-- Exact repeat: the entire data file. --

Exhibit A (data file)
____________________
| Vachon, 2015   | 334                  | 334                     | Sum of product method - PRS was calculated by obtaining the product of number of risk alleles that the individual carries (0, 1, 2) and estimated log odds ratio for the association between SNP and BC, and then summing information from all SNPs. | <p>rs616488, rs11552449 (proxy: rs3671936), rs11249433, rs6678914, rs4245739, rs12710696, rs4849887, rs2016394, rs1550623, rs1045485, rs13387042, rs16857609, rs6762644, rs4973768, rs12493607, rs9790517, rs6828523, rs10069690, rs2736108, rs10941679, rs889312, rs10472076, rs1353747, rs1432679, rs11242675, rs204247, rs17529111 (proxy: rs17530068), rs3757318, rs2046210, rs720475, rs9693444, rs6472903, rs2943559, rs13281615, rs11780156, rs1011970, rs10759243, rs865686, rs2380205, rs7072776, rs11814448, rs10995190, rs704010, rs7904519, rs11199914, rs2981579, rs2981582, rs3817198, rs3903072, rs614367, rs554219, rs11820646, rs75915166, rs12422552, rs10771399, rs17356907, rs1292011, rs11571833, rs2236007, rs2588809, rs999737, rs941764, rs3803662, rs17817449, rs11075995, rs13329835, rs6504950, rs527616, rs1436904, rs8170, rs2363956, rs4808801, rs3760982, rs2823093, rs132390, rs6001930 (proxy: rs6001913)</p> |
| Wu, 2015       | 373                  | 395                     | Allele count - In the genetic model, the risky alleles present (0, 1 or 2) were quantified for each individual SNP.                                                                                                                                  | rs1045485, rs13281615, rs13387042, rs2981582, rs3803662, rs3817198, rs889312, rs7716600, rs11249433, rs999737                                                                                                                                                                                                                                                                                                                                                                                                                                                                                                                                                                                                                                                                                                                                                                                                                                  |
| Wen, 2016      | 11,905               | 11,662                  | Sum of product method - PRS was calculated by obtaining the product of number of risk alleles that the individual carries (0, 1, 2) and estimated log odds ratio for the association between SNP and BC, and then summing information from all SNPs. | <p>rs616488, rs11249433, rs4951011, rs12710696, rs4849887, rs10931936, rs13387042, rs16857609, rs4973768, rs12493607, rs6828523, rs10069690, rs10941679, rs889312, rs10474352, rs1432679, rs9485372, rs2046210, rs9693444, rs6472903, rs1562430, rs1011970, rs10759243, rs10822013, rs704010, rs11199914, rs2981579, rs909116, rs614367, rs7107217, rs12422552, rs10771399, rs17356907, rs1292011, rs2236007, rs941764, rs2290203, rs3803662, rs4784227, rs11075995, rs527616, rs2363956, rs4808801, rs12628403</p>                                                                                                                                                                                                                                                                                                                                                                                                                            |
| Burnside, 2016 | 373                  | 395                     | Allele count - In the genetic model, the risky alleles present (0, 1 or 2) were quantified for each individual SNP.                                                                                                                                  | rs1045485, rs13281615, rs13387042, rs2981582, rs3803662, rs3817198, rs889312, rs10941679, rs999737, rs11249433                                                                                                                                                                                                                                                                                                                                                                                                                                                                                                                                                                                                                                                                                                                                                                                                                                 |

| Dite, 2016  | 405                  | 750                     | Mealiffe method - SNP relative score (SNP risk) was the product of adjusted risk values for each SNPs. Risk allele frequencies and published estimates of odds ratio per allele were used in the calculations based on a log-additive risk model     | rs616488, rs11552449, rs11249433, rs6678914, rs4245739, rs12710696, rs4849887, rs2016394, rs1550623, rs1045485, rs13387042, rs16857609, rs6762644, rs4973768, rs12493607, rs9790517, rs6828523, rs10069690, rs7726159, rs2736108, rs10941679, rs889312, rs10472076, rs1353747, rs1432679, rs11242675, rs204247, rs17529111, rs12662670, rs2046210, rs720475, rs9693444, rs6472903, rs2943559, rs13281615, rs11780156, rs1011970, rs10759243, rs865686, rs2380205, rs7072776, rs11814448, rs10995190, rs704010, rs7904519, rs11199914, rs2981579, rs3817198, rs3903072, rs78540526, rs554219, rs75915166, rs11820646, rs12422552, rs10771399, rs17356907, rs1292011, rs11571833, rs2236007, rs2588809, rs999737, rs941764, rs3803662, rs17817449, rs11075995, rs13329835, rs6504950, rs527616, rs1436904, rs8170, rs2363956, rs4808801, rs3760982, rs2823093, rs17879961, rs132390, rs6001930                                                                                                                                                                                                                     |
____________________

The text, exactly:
| Vachon, 2015   | 334                  | 334                     | Sum of product method - PRS was calculated by obtaining the product of number of risk alleles that the individual carries (0, 1, 2) and estimated log odds ratio for the association between SNP and BC, and then summing information from all SNPs. | <p>rs616488, rs11552449 (proxy: rs3671936), rs11249433, rs6678914, rs4245739, rs12710696, rs4849887, rs2016394, rs1550623, rs1045485, rs13387042, rs16857609, rs6762644, rs4973768, rs12493607, rs9790517, rs6828523, rs10069690, rs2736108, rs10941679, rs889312, rs10472076, rs1353747, rs1432679, rs11242675, rs204247, rs17529111 (proxy: rs17530068), rs3757318, rs2046210, rs720475, rs9693444, rs6472903, rs2943559, rs13281615, rs11780156, rs1011970, rs10759243, rs865686, rs2380205, rs7072776, rs11814448, rs10995190, rs704010, rs7904519, rs11199914, rs2981579, rs2981582, rs3817198, rs3903072, rs614367, rs554219, rs11820646, rs75915166, rs12422552, rs10771399, rs17356907, rs1292011, rs11571833, rs2236007, rs2588809, rs999737, rs941764, rs3803662, rs17817449, rs11075995, rs13329835, rs6504950, rs527616, rs1436904, rs8170, rs2363956, rs4808801, rs3760982, rs2823093, rs132390, rs6001930 (proxy: rs6001913)</p> |
| Wu, 2015       | 373                  | 395                     | Allele count - In the genetic model, the risky alleles present (0, 1 or 2) were quantified for each individual SNP.                                                                                                                                  | rs1045485, rs13281615, rs13387042, rs2981582, rs3803662, rs3817198, rs889312, rs7716600, rs11249433, rs999737                                                                                                                                                                                                                                                                                                                                                                                                                                                                                                                                                                                                                                                                                                                                                                                                                                  |
| Wen, 2016      | 11,905               | 11,662                  | Sum of product method - PRS was calculated by obtaining the product of number of risk alleles that the individual carries (0, 1, 2) and estimated log odds ratio for the association between SNP and BC, and then summing information from all SNPs. | <p>rs616488, rs11249433, rs4951011, rs12710696, rs4849887, rs10931936, rs13387042, rs16857609, rs4973768, rs12493607, rs6828523, rs10069690, rs10941679, rs889312, rs10474352, rs1432679, rs9485372, rs2046210, rs9693444, rs6472903, rs1562430, rs1011970, rs10759243, rs10822013, rs704010, rs11199914, rs2981579, rs909116, rs614367, rs7107217, rs12422552, rs10771399, rs17356907, rs1292011, rs2236007, rs941764, rs2290203, rs3803662, rs4784227, rs11075995, rs527616, rs2363956, rs4808801, rs12628403</p>                                                                                                                                                                                                                                                                                                                                                                                                                            |
| Burnside, 2016 | 373                  | 395                     | Allele count - In the genetic model, the risky alleles present (0, 1 or 2) were quantified for each individual SNP.                                                                                                                                  | rs1045485, rs13281615, rs13387042, rs2981582, rs3803662, rs3817198, rs889312, rs10941679, rs999737, rs11249433                                                                                                                                                                                                                                                                                                                                                                                                                                                                                                                                                                                                                                                                                                                                                                                                                                 |

| Dite, 2016  | 405                  | 750                     | Mealiffe method - SNP relative score (SNP risk) was the product of adjusted risk values for each SNPs. Risk allele frequencies and published estimates of odds ratio per allele were used in the calculations based on a log-additive risk model     | rs616488, rs11552449, rs11249433, rs6678914, rs4245739, rs12710696, rs4849887, rs2016394, rs1550623, rs1045485, rs13387042, rs16857609, rs6762644, rs4973768, rs12493607, rs9790517, rs6828523, rs10069690, rs7726159, rs2736108, rs10941679, rs889312, rs10472076, rs1353747, rs1432679, rs11242675, rs204247, rs17529111, rs12662670, rs2046210, rs720475, rs9693444, rs6472903, rs2943559, rs13281615, rs11780156, rs1011970, rs10759243, rs865686, rs2380205, rs7072776, rs11814448, rs10995190, rs704010, rs7904519, rs11199914, rs2981579, rs3817198, rs3903072, rs78540526, rs554219, rs75915166, rs11820646, rs12422552, rs10771399, rs17356907, rs1292011, rs11571833, rs2236007, rs2588809, rs999737, rs941764, rs3803662, rs17817449, rs11075995, rs13329835, rs6504950, rs527616, rs1436904, rs8170, rs2363956, rs4808801, rs3760982, rs2823093, rs17879961, rs132390, rs6001930                                                                                                                                                                                                                     |